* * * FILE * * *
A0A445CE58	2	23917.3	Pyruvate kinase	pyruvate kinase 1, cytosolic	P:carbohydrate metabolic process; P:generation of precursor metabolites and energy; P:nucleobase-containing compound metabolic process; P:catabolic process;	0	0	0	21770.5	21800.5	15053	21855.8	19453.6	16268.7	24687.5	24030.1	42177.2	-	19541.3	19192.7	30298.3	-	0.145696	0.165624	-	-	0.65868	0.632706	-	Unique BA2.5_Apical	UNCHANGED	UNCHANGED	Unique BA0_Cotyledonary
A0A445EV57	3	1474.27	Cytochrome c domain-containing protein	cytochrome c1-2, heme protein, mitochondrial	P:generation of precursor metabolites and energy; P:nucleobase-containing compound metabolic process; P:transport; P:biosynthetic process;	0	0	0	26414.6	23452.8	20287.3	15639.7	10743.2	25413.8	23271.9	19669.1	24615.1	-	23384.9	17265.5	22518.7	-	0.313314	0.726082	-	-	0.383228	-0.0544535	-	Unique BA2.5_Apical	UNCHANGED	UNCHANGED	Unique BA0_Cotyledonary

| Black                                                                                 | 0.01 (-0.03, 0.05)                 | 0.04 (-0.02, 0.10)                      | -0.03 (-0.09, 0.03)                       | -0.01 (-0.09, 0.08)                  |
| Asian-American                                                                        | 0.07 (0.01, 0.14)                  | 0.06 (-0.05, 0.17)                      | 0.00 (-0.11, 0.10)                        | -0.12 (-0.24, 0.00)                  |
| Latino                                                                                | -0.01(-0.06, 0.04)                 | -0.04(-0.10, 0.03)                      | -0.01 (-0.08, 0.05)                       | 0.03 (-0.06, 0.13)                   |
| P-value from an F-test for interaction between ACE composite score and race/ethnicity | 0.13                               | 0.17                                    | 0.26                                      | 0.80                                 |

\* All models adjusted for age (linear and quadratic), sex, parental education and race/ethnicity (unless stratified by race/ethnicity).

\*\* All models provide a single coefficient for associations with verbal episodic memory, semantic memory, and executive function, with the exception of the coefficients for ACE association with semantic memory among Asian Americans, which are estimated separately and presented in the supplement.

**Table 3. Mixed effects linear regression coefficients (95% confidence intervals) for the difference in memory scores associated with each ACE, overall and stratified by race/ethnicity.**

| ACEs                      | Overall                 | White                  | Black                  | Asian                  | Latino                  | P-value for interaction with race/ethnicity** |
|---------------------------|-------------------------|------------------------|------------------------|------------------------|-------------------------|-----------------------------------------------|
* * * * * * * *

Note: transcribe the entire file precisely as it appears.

A0A445CE58	2	23917.3	Pyruvate kinase	pyruvate kinase 1, cytosolic	P:carbohydrate metabolic process; P:generation of precursor metabolites and energy; P:nucleobase-containing compound metabolic process; P:catabolic process;	0	0	0	21770.5	21800.5	15053	21855.8	19453.6	16268.7	24687.5	24030.1	42177.2	-	19541.3	19192.7	30298.3	-	0.145696	0.165624	-	-	0.65868	0.632706	-	Unique BA2.5_Apical	UNCHANGED	UNCHANGED	Unique BA0_Cotyledonary
A0A445EV57	3	1474.27	Cytochrome c domain-containing protein	cytochrome c1-2, heme protein, mitochondrial	P:generation of precursor metabolites and energy; P:nucleobase-containing compound metabolic process; P:transport; P:biosynthetic process;	0	0	0	26414.6	23452.8	20287.3	15639.7	10743.2	25413.8	23271.9	19669.1	24615.1	-	23384.9	17265.5	22518.7	-	0.313314	0.726082	-	-	0.383228	-0.0544535	-	Unique BA2.5_Apical	UNCHANGED	UNCHANGED	Unique BA0_Cotyledonary

| Black                                                                                 | 0.01 (-0.03, 0.05)                 | 0.04 (-0.02, 0.10)                      | -0.03 (-0.09, 0.03)                       | -0.01 (-0.09, 0.08)                  |
| Asian-American                                                                        | 0.07 (0.01, 0.14)                  | 0.06 (-0.05, 0.17)                      | 0.00 (-0.11, 0.10)                        | -0.12 (-0.24, 0.00)                  |
| Latino                                                                                | -0.01(-0.06, 0.04)                 | -0.04(-0.10, 0.03)                      | -0.01 (-0.08, 0.05)                       | 0.03 (-0.06, 0.13)                   |
| P-value from an F-test for interaction between ACE composite score and race/ethnicity | 0.13                               | 0.17                                    | 0.26                                      | 0.80                                 |

\* All models adjusted for age (linear and quadratic), sex, parental education and race/ethnicity (unless stratified by race/ethnicity).

\*\* All models provide a single coefficient for associations with verbal episodic memory, semantic memory, and executive function, with the exception of the coefficients for ACE association with semantic memory among Asian Americans, which are estimated separately and presented in the supplement.

**Table 3. Mixed effects linear regression coefficients (95% confidence intervals) for the difference in memory scores associated with each ACE, overall and stratified by race/ethnicity.**

| ACEs                      | Overall                 | White                  | Black                  | Asian                  | Latino                  | P-value for interaction with race/ethnicity** |
|---------------------------|-------------------------|------------------------|------------------------|------------------------|-------------------------|-----------------------------------------------|